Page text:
Gay couple’s Skype wedding annulled in DC court

Well, it was super romantic and sweet while it lasted.

A gay couple who circumvented a Texas gay marriage ban by marrying in the state via a Washington DC officiant and the web-based video calling service Skype has had their marriage annulled by a court in the District. While gay marriage is legal in DC, the couple, Mark and Dante Walkup, received a letter from the officiant informing them that theirs was not because they were not physically present in Washington DC at the time of the wedding.

The letter, posted in full on a Dallas news blog, informs the couple they will have to re-marry in DC if they wish to- well, be married. But the Walkups say they asked about that very stipulation when they filed for their marriage license in May, and were told that only the officiant of the ceremony need be in DC to perform the rites.

“In good faith, we planned our wedding accordingly because we thought we were talking to the experts,” Mark says. He said he was additionally miffed by the lack of any notice from the court that their license was under review in the first place. Neither the couple nor the officiant were contacted by officials seeking information about the circumstances or geographical whereabouts of their marriage.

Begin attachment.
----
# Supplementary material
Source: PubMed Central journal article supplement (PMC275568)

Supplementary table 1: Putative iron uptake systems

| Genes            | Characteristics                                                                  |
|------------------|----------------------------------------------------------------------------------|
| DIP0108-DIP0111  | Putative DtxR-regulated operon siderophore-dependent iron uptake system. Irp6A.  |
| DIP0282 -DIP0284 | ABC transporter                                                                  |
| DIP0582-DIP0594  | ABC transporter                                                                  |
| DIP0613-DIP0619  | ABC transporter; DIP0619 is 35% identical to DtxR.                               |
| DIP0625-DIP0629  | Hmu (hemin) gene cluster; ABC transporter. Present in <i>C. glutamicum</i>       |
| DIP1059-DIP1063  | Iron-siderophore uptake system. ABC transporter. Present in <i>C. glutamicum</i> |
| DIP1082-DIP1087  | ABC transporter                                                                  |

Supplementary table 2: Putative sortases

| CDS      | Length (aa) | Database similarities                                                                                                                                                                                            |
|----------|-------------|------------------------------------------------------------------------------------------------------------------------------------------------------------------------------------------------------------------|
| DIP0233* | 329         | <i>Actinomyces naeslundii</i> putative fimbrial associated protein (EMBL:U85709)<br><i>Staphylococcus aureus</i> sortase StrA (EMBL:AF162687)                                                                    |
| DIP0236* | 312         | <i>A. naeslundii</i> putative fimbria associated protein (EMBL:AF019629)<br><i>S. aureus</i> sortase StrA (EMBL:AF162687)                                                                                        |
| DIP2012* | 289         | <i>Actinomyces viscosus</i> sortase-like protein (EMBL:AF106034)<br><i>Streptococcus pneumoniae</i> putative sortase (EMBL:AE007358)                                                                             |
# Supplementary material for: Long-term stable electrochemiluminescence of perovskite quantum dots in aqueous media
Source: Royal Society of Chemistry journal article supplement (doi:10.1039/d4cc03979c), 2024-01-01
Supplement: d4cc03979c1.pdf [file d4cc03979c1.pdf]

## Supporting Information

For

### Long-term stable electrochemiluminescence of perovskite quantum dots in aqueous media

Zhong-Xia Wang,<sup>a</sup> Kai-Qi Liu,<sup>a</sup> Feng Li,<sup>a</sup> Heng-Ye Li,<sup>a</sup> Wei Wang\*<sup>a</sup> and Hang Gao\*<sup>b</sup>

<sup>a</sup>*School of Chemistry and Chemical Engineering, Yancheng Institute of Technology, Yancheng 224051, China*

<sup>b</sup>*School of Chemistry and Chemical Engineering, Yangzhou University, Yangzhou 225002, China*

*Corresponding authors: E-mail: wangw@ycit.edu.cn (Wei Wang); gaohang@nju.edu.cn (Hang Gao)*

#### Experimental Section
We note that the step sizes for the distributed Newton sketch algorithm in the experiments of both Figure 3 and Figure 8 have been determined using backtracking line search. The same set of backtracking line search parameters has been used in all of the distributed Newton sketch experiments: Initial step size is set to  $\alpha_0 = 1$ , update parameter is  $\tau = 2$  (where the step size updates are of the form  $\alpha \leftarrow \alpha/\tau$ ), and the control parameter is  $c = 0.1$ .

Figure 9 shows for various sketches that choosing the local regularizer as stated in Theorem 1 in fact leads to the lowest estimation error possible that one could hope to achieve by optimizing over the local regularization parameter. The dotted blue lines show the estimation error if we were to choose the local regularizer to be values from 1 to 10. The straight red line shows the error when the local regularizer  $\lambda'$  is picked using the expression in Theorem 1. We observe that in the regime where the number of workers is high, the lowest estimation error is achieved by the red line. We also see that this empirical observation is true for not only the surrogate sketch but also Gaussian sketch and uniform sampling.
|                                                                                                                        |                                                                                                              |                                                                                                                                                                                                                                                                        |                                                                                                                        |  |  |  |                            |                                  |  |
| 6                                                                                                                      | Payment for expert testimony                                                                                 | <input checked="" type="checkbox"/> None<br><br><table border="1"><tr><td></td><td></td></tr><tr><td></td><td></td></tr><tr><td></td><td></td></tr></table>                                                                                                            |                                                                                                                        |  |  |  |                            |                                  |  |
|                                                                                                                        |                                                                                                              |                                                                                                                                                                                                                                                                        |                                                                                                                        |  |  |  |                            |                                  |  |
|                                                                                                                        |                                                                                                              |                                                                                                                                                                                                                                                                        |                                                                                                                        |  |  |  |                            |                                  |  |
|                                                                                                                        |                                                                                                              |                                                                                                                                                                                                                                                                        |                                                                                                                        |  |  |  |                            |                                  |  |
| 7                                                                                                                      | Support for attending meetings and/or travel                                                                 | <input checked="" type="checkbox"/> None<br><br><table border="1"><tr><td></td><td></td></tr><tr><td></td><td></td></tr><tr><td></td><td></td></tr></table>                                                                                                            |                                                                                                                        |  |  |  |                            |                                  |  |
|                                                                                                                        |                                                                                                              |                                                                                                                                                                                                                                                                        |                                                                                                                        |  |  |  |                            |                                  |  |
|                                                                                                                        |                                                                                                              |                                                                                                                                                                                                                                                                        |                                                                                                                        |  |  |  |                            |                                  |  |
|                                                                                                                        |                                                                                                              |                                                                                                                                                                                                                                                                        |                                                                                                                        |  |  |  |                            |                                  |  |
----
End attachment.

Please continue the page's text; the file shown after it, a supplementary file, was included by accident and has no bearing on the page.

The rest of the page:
Both Mark and an expert on “e-marriage” law told the blog that the most likely scenario involved court action based on a complaint, which is said to be unusual:

“It was based on homophobia or politics or both,” Reed-Walkup says. It’s unknown at this point who initially took issue with the Walkups’ marriage and complained to the court. A law professor who specializes in “e-marriage” tells Unfair Park that “there’s simply no reason for the court to do something like this.”

“[Courts] don’t flyspeck other people’s marriages,” says Professor Mae Kuykendall at the Michigan State University College of Law.

Furthermore, Kuykendall says, the fact that a non-party to the marriage apparently acted to have it annulled is even stranger. (And sadder- who sits in their house thinking, “those two dudes are happily married now and this cannot stand!”)

Usually, this is the kind of thing seen in divorce proceedings, or perhaps when heirs want to try and retroactively prove a marriage was invalid, Kuykendall says. But for an uninvolved third party to rule against a marriage in this way? Kuykendall says “it may not be the best reasoned bureaucratic action that’s ever taken place.”

The couple say they’re likely to travel to DC to get married, and are looking into their legal options regarding the action.